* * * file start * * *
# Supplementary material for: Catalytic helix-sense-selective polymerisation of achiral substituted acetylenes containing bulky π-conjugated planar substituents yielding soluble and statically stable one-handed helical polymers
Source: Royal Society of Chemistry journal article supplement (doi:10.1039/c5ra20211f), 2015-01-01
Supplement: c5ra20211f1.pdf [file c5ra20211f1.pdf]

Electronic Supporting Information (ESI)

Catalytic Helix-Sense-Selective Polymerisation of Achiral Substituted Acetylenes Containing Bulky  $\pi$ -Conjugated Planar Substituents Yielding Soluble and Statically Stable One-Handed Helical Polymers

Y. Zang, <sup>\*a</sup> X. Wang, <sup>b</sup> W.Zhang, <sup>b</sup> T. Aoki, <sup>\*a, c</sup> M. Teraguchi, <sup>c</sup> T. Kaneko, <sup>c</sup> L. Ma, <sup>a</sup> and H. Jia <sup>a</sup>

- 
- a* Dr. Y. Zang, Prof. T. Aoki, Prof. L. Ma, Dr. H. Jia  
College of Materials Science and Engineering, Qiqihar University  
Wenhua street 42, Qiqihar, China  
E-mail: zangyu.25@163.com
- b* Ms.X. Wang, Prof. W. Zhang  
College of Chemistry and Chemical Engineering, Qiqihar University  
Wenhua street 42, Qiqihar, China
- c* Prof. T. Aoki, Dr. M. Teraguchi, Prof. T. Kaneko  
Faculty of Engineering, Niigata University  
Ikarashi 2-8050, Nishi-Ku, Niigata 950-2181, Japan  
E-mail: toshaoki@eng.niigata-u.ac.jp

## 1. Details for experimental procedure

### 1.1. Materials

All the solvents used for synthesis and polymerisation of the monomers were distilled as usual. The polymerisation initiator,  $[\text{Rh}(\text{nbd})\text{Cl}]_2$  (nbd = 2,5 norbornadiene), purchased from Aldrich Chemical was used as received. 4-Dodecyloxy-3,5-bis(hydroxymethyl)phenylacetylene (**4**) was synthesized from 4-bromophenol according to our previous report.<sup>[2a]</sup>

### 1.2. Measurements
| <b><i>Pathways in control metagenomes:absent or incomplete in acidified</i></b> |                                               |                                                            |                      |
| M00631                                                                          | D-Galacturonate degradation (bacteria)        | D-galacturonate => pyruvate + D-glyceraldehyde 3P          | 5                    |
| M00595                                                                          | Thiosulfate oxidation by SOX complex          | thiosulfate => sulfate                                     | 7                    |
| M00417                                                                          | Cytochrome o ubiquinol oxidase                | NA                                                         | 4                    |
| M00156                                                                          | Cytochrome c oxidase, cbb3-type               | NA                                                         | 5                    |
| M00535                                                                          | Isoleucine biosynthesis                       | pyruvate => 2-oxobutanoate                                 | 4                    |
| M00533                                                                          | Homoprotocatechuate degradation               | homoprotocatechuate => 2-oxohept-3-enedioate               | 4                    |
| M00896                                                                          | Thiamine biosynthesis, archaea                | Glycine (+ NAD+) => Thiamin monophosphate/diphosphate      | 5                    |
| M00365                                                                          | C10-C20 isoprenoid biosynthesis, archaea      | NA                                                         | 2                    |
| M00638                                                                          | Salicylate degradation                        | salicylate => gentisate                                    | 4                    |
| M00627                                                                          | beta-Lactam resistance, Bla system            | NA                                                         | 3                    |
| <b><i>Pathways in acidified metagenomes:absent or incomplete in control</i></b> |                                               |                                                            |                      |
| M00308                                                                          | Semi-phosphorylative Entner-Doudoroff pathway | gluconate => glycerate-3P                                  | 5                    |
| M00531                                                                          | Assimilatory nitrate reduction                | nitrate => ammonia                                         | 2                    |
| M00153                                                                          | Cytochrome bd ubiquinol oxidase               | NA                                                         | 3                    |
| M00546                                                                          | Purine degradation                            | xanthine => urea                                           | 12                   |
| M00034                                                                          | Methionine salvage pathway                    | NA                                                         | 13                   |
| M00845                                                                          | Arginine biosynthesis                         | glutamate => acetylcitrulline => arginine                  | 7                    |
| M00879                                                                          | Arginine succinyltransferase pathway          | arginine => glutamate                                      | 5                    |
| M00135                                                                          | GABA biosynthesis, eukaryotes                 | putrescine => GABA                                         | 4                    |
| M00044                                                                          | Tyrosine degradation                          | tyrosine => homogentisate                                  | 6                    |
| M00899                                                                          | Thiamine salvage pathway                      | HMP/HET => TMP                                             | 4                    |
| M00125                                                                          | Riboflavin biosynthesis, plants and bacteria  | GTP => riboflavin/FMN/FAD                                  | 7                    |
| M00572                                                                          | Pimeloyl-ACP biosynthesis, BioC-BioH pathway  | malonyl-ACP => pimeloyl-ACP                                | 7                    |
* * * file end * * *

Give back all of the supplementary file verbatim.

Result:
# Supplementary material for: Catalytic helix-sense-selective polymerisation of achiral substituted acetylenes containing bulky π-conjugated planar substituents yielding soluble and statically stable one-handed helical polymers
Source: Royal Society of Chemistry journal article supplement (doi:10.1039/c5ra20211f), 2015-01-01
Supplement: c5ra20211f1.pdf [file c5ra20211f1.pdf]

Electronic Supporting Information (ESI)

Catalytic Helix-Sense-Selective Polymerisation of Achiral Substituted Acetylenes Containing Bulky  $\pi$ -Conjugated Planar Substituents Yielding Soluble and Statically Stable One-Handed Helical Polymers

Y. Zang, <sup>\*a</sup> X. Wang, <sup>b</sup> W.Zhang, <sup>b</sup> T. Aoki, <sup>\*a, c</sup> M. Teraguchi, <sup>c</sup> T. Kaneko, <sup>c</sup> L. Ma, <sup>a</sup> and H. Jia <sup>a</sup>

- 
- a* Dr. Y. Zang, Prof. T. Aoki, Prof. L. Ma, Dr. H. Jia  
College of Materials Science and Engineering, Qiqihar University  
Wenhua street 42, Qiqihar, China  
E-mail: zangyu.25@163.com
- b* Ms.X. Wang, Prof. W. Zhang  
College of Chemistry and Chemical Engineering, Qiqihar University  
Wenhua street 42, Qiqihar, China
- c* Prof. T. Aoki, Dr. M. Teraguchi, Prof. T. Kaneko  
Faculty of Engineering, Niigata University  
Ikarashi 2-8050, Nishi-Ku, Niigata 950-2181, Japan  
E-mail: toshaoki@eng.niigata-u.ac.jp

## 1. Details for experimental procedure

### 1.1. Materials

All the solvents used for synthesis and polymerisation of the monomers were distilled as usual. The polymerisation initiator,  $[\text{Rh}(\text{nbd})\text{Cl}]_2$  (nbd = 2,5 norbornadiene), purchased from Aldrich Chemical was used as received. 4-Dodecyloxy-3,5-bis(hydroxymethyl)phenylacetylene (**4**) was synthesized from 4-bromophenol according to our previous report.<sup>[2a]</sup>

### 1.2. Measurements
| <b><i>Pathways in control metagenomes:absent or incomplete in acidified</i></b> |                                               |                                                            |                      |
| M00631                                                                          | D-Galacturonate degradation (bacteria)        | D-galacturonate => pyruvate + D-glyceraldehyde 3P          | 5                    |
| M00595                                                                          | Thiosulfate oxidation by SOX complex          | thiosulfate => sulfate                                     | 7                    |
| M00417                                                                          | Cytochrome o ubiquinol oxidase                | NA                                                         | 4                    |
| M00156                                                                          | Cytochrome c oxidase, cbb3-type               | NA                                                         | 5                    |
| M00535                                                                          | Isoleucine biosynthesis                       | pyruvate => 2-oxobutanoate                                 | 4                    |
| M00533                                                                          | Homoprotocatechuate degradation               | homoprotocatechuate => 2-oxohept-3-enedioate               | 4                    |
| M00896                                                                          | Thiamine biosynthesis, archaea                | Glycine (+ NAD+) => Thiamin monophosphate/diphosphate      | 5                    |
| M00365                                                                          | C10-C20 isoprenoid biosynthesis, archaea      | NA                                                         | 2                    |
| M00638                                                                          | Salicylate degradation                        | salicylate => gentisate                                    | 4                    |
| M00627                                                                          | beta-Lactam resistance, Bla system            | NA                                                         | 3                    |
| <b><i>Pathways in acidified metagenomes:absent or incomplete in control</i></b> |                                               |                                                            |                      |
| M00308                                                                          | Semi-phosphorylative Entner-Doudoroff pathway | gluconate => glycerate-3P                                  | 5                    |
| M00531                                                                          | Assimilatory nitrate reduction                | nitrate => ammonia                                         | 2                    |
| M00153                                                                          | Cytochrome bd ubiquinol oxidase               | NA                                                         | 3                    |
| M00546                                                                          | Purine degradation                            | xanthine => urea                                           | 12                   |
| M00034                                                                          | Methionine salvage pathway                    | NA                                                         | 13                   |
| M00845                                                                          | Arginine biosynthesis                         | glutamate => acetylcitrulline => arginine                  | 7                    |
| M00879                                                                          | Arginine succinyltransferase pathway          | arginine => glutamate                                      | 5                    |
| M00135                                                                          | GABA biosynthesis, eukaryotes                 | putrescine => GABA                                         | 4                    |
| M00044                                                                          | Tyrosine degradation                          | tyrosine => homogentisate                                  | 6                    |
| M00899                                                                          | Thiamine salvage pathway                      | HMP/HET => TMP                                             | 4                    |
| M00125                                                                          | Riboflavin biosynthesis, plants and bacteria  | GTP => riboflavin/FMN/FAD                                  | 7                    |
| M00572                                                                          | Pimeloyl-ACP biosynthesis, BioC-BioH pathway  | malonyl-ACP => pimeloyl-ACP                                | 7                    |